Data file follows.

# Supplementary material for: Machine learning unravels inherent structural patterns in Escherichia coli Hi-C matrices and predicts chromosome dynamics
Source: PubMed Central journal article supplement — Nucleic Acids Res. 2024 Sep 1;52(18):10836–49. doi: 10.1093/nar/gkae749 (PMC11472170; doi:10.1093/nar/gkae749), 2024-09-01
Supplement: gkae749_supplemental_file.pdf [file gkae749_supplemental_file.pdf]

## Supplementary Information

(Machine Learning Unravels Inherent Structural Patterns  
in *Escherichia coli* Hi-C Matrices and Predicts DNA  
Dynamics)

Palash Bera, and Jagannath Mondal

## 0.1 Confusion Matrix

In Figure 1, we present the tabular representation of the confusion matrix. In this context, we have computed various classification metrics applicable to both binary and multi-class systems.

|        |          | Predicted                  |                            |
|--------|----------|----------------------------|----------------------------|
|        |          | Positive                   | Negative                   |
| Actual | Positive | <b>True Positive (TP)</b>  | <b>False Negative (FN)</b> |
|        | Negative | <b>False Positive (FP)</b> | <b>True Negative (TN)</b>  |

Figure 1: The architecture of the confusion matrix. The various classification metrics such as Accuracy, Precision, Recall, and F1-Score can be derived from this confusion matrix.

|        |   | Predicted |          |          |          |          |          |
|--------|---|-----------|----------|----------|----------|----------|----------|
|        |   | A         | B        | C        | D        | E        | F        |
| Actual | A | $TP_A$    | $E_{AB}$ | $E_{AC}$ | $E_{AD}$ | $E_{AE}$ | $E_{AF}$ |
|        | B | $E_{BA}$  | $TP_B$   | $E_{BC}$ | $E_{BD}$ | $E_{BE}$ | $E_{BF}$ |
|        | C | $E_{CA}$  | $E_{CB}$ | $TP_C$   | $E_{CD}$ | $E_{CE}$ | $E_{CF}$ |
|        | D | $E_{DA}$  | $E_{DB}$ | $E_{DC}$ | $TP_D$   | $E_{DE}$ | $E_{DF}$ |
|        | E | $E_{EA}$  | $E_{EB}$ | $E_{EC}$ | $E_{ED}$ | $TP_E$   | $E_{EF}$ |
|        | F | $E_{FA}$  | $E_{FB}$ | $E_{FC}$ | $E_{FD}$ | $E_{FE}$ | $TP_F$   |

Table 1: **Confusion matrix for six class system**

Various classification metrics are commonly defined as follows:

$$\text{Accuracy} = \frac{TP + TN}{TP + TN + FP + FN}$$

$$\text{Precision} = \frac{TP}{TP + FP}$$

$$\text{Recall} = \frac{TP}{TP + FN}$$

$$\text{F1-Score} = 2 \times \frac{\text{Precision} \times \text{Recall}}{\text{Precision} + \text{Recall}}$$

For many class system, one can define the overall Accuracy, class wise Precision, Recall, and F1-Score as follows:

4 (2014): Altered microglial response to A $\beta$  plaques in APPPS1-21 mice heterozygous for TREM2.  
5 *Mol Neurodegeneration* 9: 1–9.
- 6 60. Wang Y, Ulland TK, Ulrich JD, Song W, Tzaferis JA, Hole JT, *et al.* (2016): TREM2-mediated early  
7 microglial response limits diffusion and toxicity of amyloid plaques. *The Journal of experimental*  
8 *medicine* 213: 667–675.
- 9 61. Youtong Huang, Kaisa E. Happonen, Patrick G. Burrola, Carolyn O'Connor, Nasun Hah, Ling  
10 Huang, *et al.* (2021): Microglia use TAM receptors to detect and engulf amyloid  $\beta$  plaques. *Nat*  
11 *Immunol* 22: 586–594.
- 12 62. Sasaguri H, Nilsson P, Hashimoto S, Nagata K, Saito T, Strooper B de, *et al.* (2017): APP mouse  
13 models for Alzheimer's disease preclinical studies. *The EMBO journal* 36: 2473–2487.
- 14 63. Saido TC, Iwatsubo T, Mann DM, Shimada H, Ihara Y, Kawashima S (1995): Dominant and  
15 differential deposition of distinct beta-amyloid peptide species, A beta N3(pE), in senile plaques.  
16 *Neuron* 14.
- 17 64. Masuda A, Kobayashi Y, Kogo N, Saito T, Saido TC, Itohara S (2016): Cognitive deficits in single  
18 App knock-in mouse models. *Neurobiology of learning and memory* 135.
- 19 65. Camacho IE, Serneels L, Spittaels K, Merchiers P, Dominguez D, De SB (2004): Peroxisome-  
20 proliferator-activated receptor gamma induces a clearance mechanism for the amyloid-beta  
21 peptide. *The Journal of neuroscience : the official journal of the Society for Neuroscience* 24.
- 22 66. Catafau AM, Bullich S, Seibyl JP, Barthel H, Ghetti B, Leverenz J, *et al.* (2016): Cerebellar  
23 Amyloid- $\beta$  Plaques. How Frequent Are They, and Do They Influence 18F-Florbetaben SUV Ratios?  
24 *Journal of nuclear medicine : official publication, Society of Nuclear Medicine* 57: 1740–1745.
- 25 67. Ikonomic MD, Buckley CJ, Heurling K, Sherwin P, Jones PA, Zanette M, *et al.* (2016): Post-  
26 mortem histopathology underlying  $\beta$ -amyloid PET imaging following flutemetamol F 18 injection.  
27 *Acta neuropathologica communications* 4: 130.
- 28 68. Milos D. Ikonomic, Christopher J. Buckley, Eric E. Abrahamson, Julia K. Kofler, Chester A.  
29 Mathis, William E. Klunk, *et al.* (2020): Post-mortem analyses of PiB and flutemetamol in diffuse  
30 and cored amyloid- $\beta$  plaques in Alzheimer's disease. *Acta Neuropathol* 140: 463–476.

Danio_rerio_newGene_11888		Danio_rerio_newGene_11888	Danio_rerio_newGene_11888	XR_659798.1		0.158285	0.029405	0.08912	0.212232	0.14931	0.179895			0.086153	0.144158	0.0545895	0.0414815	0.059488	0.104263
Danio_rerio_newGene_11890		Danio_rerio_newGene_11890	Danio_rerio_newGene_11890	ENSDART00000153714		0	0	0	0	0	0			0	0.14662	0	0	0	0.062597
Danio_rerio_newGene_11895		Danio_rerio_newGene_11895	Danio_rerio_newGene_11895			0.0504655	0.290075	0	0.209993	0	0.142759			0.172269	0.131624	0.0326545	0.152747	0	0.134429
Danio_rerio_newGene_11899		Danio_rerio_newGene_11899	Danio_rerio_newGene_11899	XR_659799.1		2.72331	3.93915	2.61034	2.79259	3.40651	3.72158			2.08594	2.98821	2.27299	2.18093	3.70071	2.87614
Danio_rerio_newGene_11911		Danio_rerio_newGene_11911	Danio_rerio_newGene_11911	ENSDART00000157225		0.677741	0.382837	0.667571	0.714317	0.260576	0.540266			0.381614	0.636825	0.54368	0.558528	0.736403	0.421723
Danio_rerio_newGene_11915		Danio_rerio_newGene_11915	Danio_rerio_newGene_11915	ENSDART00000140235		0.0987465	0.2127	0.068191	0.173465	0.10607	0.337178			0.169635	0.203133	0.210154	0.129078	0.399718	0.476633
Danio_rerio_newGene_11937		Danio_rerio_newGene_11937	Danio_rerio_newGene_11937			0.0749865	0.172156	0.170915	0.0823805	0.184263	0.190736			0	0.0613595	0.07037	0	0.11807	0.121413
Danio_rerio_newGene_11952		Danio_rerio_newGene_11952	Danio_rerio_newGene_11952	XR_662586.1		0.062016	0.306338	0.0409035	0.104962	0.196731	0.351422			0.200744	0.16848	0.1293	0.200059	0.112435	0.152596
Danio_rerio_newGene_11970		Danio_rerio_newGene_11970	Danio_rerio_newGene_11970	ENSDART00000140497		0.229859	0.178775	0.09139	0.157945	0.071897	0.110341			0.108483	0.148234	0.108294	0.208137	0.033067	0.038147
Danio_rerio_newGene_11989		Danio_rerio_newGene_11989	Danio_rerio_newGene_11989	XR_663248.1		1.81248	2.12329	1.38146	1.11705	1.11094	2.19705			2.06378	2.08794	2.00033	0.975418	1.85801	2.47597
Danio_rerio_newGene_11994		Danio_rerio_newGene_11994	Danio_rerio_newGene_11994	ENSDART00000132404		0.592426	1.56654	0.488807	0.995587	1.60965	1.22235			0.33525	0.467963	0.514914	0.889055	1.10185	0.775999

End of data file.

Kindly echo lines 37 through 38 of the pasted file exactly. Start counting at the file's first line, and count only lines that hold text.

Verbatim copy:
8 *medicine* 213: 667–675.
- 9 61. Youtong Huang, Kaisa E. Happonen, Patrick G. Burrola, Carolyn O'Connor, Nasun Hah, Ling  